The most popular day to exercise is “tomorrow.”
To pump up your motivation, we know the classic tips: find a workout partner so you’re accountable, make your intentions known so you feel social pressure, set a deadline like running a 5K or your 20th reunion. Now, it’s not to say that these tips don’t work. They do. It’s just that we’ve heard them before.
So how about six tips you’ve never heard of? For all of us whose favorite curls are the cheese kind, here are six ways to get a running start.
Tip #1: Remember a good exercise experience.
A study found that you can use memory to enhance motivation. Study participants who described a positive exercise memory were not only more motivated to exercise, they actually exercised more over the next week than those who weren’t prompted to remember. So stash your medal from the 5K when you ran your personal record with your exercise clothes, pack your power walking playlist with songs from the wedding where you danced all night, or tape a picture of the view from the summit of your favorite hike next to your boots. The good memories may pave the way to a good sweat.
Tip #2: Don’t aim to “exercise;” instead, play a sport.
A 2005 study found that when participants were asked about reasons for playing a sport, they thought of intrinsic reasons, like enjoyment and challenge. Reasons to “exercise,” however, were extrinsic and focused on things like appearance, weight, and stress management.
Psychology 101 will tell you that intrinsic motivation makes you more likely to start and stick with a new habit. So sign up for softball, join the masters’ swim team, play ultimate Frisbee, or simply tweak your mindset: your Saturday afternoon bike ride suddenly becomes the sport of cycling.
Tip #3: Don’t work out next to the fittest person at the gym.
A creative 2007 study examined how your fellow gym-goers affect your workout. Researchers hung out around the lateral pull-down machine at a college gym. When a woman started using it, a super-fit female confederate started using the next machine over. Half the time, she wore a tank top and shorts. The other half of the time, she wore pants with extra thigh padding and a baggy sweatshirt. In a third control condition, the confederate didn’t work out at all.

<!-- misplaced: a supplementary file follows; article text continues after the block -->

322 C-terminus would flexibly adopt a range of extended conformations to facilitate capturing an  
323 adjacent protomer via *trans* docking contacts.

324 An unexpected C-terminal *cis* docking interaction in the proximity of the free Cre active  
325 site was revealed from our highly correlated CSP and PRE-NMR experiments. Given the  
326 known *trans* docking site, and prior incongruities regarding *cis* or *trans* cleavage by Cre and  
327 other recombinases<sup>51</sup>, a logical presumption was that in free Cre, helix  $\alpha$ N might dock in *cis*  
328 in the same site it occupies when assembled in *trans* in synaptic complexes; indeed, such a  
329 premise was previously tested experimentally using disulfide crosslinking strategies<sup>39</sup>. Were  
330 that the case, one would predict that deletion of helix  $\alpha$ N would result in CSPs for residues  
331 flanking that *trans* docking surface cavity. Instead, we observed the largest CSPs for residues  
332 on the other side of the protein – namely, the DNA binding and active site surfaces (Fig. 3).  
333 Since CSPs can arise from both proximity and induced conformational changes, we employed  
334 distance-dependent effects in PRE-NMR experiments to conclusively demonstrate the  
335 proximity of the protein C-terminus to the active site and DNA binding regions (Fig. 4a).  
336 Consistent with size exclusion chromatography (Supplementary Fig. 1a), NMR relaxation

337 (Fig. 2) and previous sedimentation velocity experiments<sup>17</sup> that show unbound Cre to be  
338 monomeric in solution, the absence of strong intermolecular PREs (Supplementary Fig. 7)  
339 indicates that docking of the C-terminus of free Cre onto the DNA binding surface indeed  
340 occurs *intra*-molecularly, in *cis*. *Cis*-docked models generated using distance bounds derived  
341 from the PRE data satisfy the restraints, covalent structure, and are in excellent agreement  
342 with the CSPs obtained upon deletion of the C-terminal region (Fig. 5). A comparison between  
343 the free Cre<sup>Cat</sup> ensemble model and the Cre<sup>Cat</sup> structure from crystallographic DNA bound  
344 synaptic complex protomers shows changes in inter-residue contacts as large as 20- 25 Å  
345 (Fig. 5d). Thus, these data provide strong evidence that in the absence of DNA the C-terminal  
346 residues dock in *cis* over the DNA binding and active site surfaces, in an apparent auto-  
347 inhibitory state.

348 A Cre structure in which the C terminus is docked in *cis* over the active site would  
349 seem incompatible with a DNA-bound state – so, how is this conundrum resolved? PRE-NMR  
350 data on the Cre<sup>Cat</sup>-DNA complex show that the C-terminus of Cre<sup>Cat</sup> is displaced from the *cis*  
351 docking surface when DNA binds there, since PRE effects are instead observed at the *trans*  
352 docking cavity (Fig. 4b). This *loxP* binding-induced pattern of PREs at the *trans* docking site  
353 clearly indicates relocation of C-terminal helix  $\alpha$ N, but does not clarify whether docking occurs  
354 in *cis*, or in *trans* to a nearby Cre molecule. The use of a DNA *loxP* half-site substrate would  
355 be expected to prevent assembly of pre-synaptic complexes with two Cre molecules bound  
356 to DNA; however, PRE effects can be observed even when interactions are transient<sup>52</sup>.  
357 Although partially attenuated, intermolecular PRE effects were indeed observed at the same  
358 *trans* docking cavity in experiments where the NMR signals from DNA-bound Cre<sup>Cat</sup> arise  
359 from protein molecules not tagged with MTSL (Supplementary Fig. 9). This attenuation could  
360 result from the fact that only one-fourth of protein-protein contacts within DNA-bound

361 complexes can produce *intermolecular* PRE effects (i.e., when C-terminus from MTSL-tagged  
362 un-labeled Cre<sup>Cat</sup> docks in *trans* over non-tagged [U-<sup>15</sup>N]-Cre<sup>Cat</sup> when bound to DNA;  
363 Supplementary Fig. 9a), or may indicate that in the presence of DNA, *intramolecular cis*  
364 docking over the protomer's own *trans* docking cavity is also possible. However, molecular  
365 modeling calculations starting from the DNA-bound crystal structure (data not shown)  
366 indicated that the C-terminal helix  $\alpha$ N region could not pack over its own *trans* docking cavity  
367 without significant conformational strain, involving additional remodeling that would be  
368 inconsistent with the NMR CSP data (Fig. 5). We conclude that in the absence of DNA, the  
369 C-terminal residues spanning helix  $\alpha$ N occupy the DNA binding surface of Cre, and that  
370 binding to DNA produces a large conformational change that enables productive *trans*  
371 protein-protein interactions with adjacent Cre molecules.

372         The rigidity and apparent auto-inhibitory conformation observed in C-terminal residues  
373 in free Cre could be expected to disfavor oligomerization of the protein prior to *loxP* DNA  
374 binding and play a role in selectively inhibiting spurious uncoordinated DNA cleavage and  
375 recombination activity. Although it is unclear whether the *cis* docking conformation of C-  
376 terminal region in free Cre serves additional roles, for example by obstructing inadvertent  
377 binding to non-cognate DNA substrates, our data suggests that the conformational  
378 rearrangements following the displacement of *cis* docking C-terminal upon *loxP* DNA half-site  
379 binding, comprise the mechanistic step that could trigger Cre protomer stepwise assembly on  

What happened? Women working out next to the tank top used their machine for a shorter amount of time than the other two conditions. And, when researchers later approached and asked women to take a short survey, they reported lower body satisfaction. By contrast, women working out next to the baggy sweatshirt exercised longer and didn’t suffer the same hit to body image.
What does this mean for women? Run on a treadmill behind a 19-year-old in size 0 booty shorts and you’ll probably leave sooner and feel bad about yourself. Run on a treadmill behind a average-looking person and you’ll likely leave after a good workout with your body image intact.
Tip #4: Don’t motivate yourself by thinking about your muffin top or flabby abs.
Yes, you heard that right. Both men and women often motivate themselves to exercise by thinking about their appearance. But it turns out this approach backfires.
A 2014 study found that frequent exercise goes along with a positive body image, which was defined as appreciating one’s body, focusing on how it feels, and being satisfied with what it can do. Makes sense so far. But, for gym bunnies whose main goal was just to look hot, all three components of positive body image weakened no matter how much they exercised. The take home? Consider changing your focus to something other than your thighs or tummy.
Tip #5: Customize your workout in little ways.
The power of small choices was demonstrated in a brand new 2014 study where participants who chose the sequence of their exercises did more sets and reps than those who were given a predetermined sequence. So don’t just slavishly follow the order on your lifting log or go down the line of weight machines. Think about what you want to do and you just may find yourself doing more.
Tip #6: Stop thinking of yourself as lazy.
Think of yourself as someone who exercises, or someone who is healthy, or whatever exercise-friendly identity you’d like to adopt. The human psyche goes to great lengths, sometimes unconsciously, to be consistent with one’s identity. So thinking of yourself as a harried, stressed-out person creates a self-fulfilling prophecy with little room for exercise. But thinking of yourself as a really busy healthy person might create just the tweak your mindset needs.
So even if you’re someone who thinks running late counts as exercise, try out your favorite of these six tips. We’ll be on our way to being healthier before we can lift another cheese curl.